The York County Animal Shelter shouldn't be expected to offer the same services as a high-tech animal hospital. Nonetheless, it should adopt procedures that help ensure that injured or sick animals get decent, humane care as soon as possible.
A recent incident in which a picture of an injured dog was posted on the county's Web site enraged animal lovers. Pictures of animals brought to the shelter routinely are posted on the site so that owners can identify them, but in this case, the dog, a Pekingese, had a bloody gash down its side.
Posting the gory picture of the injured dog was a mistake, county officials said. And the dog received good care when it arrived at the shelter.
It was stitched up as soon as it arrived and then was taken to a veterinarian for further care before returning to the shelter. Unfortunately, the dog suffers from a serious case of heart worms, a condition that is both difficult and expensive to treat, and sometimes fatal.
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But the picture of the bloody Pekingese fired up animal lovers who saw it and motivated them to lobby the county again to change its rules. Much the same thing happened in December after a dog that had been hit by a car and severely injured was brought to the shelter. That dog suffered from hypothermia, had road burns, a punctured tongue and perhaps a broken pelvis.
Members of Yorkie Haven Rescue in Charlotte, an animal rescue group, had offered to take responsibility for the dog, saying it could survive with more intensive veterinary care. But the county requires unidentified animals to stay at the shelter for five days before they are eligible for adoption.
After officials refused to bend the rules, the dog died.
That may have been the result anyway. And the five-day rule is designed to ensure that owners have a chance to retrieve their pets before they are adopted by someone else.
But shelter officials' adherence to the rules struck us as inflexible at the time. Common sense should have trumped the rules so that rescuers could have given the dog better medical care.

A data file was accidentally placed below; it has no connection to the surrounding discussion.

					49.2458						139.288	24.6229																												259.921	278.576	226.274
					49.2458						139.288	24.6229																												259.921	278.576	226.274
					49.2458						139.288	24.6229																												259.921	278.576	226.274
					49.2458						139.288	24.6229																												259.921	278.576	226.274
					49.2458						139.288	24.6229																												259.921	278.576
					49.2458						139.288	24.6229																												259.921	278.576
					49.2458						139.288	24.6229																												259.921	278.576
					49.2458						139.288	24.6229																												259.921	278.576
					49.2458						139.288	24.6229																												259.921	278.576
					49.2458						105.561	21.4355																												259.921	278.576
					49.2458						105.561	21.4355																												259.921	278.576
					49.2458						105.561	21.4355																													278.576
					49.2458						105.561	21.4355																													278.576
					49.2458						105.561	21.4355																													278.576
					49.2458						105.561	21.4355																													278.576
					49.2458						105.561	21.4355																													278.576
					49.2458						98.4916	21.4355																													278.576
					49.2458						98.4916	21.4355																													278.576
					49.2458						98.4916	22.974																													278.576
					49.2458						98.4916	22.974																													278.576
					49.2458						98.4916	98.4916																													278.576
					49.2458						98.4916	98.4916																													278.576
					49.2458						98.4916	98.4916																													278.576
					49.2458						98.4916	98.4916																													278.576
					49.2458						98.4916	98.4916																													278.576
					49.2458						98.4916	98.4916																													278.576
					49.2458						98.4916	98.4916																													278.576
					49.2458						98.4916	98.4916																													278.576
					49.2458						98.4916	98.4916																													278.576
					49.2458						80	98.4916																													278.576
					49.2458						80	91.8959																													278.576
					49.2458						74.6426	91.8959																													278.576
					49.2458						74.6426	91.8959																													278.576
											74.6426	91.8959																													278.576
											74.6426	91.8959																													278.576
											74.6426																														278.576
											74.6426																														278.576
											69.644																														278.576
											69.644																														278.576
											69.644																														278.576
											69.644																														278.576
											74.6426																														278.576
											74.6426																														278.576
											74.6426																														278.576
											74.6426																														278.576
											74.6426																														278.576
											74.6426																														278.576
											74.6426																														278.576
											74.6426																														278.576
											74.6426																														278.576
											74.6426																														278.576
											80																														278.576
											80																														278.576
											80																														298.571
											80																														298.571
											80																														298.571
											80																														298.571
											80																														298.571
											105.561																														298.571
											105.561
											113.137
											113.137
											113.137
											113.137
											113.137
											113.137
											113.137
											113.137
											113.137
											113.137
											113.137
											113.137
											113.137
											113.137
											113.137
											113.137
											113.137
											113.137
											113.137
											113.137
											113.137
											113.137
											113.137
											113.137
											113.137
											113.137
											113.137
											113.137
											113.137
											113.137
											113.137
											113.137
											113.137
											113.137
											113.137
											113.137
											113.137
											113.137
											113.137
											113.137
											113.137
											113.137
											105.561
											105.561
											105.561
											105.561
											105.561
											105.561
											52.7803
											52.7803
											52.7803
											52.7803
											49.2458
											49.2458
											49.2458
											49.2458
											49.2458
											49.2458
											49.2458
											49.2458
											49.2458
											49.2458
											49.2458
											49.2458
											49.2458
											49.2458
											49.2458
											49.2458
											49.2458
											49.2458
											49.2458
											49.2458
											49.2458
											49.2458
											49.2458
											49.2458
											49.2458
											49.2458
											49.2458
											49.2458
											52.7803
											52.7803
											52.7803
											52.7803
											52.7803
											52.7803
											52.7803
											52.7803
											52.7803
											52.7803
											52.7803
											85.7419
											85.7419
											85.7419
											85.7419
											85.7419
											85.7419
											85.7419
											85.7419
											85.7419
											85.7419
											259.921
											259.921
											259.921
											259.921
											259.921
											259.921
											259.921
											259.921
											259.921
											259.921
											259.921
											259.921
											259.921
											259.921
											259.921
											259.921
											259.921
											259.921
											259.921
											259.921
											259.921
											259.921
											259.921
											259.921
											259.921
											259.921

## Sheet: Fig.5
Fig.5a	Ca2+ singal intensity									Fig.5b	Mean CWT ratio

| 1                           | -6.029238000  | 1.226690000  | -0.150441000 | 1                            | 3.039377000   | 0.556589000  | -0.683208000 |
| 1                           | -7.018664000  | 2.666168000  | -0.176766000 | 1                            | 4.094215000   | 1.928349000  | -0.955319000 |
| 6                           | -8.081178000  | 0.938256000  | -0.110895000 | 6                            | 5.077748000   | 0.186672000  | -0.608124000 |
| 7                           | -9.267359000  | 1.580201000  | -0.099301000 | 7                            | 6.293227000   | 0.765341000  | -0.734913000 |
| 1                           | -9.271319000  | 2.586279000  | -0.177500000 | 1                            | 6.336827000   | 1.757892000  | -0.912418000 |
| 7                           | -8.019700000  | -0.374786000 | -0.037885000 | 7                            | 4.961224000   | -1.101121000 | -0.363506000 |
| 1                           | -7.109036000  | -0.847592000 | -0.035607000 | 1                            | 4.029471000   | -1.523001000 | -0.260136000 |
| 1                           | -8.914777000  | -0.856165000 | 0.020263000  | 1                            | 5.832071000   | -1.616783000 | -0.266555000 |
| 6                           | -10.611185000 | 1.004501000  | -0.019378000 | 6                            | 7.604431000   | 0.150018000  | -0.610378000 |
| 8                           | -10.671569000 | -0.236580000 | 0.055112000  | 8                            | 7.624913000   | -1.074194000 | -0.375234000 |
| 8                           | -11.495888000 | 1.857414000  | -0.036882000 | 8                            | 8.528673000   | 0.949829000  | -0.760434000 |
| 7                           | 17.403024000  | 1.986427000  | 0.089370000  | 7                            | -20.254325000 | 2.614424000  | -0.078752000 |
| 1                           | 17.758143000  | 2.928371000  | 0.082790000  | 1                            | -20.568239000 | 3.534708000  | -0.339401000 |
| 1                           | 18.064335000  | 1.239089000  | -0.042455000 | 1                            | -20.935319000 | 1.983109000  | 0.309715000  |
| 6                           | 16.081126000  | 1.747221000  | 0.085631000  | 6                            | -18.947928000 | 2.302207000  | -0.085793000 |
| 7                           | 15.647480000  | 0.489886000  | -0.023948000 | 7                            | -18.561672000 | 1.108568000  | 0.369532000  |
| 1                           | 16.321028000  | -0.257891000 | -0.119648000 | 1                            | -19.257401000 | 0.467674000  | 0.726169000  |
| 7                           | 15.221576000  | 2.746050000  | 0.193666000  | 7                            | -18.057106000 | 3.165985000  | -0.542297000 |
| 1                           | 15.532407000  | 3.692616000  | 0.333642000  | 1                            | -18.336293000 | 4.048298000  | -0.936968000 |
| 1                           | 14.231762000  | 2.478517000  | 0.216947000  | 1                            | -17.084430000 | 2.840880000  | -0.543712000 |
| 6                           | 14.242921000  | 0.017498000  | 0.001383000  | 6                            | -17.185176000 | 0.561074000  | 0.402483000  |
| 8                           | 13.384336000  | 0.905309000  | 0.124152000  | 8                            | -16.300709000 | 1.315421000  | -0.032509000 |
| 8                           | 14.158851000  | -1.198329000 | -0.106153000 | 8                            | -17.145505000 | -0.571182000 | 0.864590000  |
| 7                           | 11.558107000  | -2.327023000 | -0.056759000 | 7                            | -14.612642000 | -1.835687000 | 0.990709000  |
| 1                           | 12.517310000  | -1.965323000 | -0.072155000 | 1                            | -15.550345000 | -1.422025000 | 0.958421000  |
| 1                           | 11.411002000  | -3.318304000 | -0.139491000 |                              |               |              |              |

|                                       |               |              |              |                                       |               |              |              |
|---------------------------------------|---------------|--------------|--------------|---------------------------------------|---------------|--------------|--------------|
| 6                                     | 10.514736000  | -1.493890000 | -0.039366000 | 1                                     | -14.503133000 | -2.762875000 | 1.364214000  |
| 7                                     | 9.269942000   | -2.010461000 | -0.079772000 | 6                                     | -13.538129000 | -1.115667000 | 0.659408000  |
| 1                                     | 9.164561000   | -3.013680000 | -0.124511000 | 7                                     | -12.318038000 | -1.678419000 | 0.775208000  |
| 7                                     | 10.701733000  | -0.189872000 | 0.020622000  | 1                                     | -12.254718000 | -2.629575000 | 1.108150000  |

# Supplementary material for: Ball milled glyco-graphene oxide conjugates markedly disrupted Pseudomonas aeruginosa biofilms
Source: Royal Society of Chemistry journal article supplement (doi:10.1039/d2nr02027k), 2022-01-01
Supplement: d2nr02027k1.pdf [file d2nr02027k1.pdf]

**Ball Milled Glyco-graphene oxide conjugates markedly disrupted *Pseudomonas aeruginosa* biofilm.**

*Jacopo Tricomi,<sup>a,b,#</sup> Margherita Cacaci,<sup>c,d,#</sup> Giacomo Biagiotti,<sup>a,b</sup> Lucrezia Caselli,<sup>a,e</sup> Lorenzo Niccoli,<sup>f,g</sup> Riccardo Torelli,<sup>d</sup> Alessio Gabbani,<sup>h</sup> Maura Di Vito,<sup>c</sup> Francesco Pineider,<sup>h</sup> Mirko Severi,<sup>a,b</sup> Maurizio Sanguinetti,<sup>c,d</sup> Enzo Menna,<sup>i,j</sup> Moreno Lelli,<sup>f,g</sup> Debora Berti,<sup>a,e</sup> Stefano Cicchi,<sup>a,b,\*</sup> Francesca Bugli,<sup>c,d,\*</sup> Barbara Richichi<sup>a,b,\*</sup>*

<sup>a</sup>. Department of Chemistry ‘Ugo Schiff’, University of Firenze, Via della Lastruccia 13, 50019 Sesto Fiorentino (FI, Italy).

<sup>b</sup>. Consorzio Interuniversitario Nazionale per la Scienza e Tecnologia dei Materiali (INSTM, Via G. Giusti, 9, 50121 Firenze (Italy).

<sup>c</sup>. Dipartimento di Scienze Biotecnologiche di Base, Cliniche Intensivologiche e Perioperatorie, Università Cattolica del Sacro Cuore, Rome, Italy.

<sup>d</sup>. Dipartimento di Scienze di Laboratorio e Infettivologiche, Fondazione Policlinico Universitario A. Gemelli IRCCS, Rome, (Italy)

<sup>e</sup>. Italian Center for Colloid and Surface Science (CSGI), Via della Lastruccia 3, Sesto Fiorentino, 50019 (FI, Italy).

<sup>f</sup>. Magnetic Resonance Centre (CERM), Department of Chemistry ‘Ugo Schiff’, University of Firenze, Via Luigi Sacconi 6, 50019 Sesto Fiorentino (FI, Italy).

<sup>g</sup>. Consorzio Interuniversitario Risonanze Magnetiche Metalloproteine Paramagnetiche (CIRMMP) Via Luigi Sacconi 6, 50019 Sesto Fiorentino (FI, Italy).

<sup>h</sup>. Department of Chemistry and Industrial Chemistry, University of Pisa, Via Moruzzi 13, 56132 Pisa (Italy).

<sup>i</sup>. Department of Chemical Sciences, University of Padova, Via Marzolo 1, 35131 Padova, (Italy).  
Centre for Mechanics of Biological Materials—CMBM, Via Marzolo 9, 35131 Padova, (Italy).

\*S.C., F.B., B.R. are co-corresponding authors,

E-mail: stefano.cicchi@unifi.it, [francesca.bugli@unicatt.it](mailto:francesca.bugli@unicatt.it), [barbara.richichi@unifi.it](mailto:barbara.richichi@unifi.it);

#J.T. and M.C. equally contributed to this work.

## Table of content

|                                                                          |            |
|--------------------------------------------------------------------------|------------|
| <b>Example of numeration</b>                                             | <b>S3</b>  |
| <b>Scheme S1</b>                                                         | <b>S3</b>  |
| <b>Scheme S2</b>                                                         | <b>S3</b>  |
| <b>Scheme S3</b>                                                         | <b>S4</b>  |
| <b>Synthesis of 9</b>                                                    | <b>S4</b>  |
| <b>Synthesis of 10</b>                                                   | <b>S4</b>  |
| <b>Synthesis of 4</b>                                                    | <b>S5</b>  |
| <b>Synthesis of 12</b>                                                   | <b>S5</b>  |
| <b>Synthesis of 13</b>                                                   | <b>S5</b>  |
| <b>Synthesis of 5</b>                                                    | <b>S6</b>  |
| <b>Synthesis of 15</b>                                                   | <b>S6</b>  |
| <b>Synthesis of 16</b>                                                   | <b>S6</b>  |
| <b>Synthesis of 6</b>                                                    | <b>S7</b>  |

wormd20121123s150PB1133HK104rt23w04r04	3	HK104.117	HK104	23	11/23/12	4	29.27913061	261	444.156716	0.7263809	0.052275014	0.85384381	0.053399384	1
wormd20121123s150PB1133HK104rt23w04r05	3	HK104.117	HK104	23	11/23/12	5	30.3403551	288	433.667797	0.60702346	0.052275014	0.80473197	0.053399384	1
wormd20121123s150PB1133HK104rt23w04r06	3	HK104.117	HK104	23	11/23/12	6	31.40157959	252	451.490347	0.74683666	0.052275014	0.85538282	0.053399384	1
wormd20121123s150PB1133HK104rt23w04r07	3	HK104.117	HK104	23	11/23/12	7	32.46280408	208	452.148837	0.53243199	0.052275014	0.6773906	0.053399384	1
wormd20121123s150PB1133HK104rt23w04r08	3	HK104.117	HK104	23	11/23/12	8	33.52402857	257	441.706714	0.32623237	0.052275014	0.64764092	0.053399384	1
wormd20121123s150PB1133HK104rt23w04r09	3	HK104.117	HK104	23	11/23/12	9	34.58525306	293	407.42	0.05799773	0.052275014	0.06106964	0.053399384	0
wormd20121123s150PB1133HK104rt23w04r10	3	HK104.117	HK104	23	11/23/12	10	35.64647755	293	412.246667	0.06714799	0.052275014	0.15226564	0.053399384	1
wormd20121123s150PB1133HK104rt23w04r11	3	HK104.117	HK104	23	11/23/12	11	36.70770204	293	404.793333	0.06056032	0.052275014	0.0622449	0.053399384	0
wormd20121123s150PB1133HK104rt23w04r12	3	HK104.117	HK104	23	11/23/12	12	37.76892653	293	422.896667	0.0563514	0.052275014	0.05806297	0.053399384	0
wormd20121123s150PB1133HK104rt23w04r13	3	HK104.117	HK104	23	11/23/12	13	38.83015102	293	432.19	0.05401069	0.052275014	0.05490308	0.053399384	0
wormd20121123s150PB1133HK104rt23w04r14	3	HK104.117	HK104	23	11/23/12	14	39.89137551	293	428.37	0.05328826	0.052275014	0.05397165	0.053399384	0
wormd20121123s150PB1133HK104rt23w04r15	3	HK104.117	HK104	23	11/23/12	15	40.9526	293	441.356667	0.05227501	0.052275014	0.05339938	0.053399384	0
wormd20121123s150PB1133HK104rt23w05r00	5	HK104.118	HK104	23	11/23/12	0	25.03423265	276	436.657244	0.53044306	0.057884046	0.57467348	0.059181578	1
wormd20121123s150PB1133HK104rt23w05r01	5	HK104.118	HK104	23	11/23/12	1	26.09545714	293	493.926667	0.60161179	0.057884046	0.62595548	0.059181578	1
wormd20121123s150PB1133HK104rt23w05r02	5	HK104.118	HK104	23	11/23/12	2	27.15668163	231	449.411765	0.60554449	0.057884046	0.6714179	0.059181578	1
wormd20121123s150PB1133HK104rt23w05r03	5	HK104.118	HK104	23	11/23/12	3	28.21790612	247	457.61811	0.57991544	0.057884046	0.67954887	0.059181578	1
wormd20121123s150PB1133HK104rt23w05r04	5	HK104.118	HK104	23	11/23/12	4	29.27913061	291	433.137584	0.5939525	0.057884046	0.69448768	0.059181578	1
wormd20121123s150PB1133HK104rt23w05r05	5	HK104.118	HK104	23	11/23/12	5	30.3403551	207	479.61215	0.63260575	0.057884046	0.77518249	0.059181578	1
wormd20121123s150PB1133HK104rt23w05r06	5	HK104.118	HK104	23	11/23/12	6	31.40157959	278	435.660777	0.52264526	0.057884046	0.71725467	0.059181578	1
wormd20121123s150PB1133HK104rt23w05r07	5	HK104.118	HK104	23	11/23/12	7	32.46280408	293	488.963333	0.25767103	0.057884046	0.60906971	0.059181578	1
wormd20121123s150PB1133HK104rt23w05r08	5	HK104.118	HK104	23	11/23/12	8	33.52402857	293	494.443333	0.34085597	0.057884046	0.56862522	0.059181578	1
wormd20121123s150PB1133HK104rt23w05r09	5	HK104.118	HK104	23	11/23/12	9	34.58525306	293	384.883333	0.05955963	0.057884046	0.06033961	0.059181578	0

One problem is that the shelter has only a part-time veterinarian who works 20 to 24 hours a week. County officials are thinking about adding a full-time vet to the budget, which we think is a good idea.
Animal rescue groups and activists have criticized the county for failing to install equipment such as X-ray machines and blood analyzers. The county, we think, should consult local veterinarians to determine what equipment is needed to provide basic emergency care for injured animals. Again, though, the shelter should not strive to be a fully equipped animal hospital.
If animal rescue groups are willing to take custody of injured animals the county is not capable of caring for, that exception should be written into the rules. If the proper records are kept, owners can trace the whereabouts of their pets later.
The shelter provides a much needed service, handling hundreds of animals a year, including many that are abandoned and unwanted. Employees do their best to find decent homes for as many animals as possible and to provide medical care where necessary. Those officials should be given the flexibility to do what is best for animals under their care.
On a final note, we should remind people that fewer injured animals would be in this predicament if owners properly restrained their pets and if more pets were spayed or neutered to prevent unwanted offspring.
County officials can tweak procedures at the animal shelter to ensure adequate medical care.
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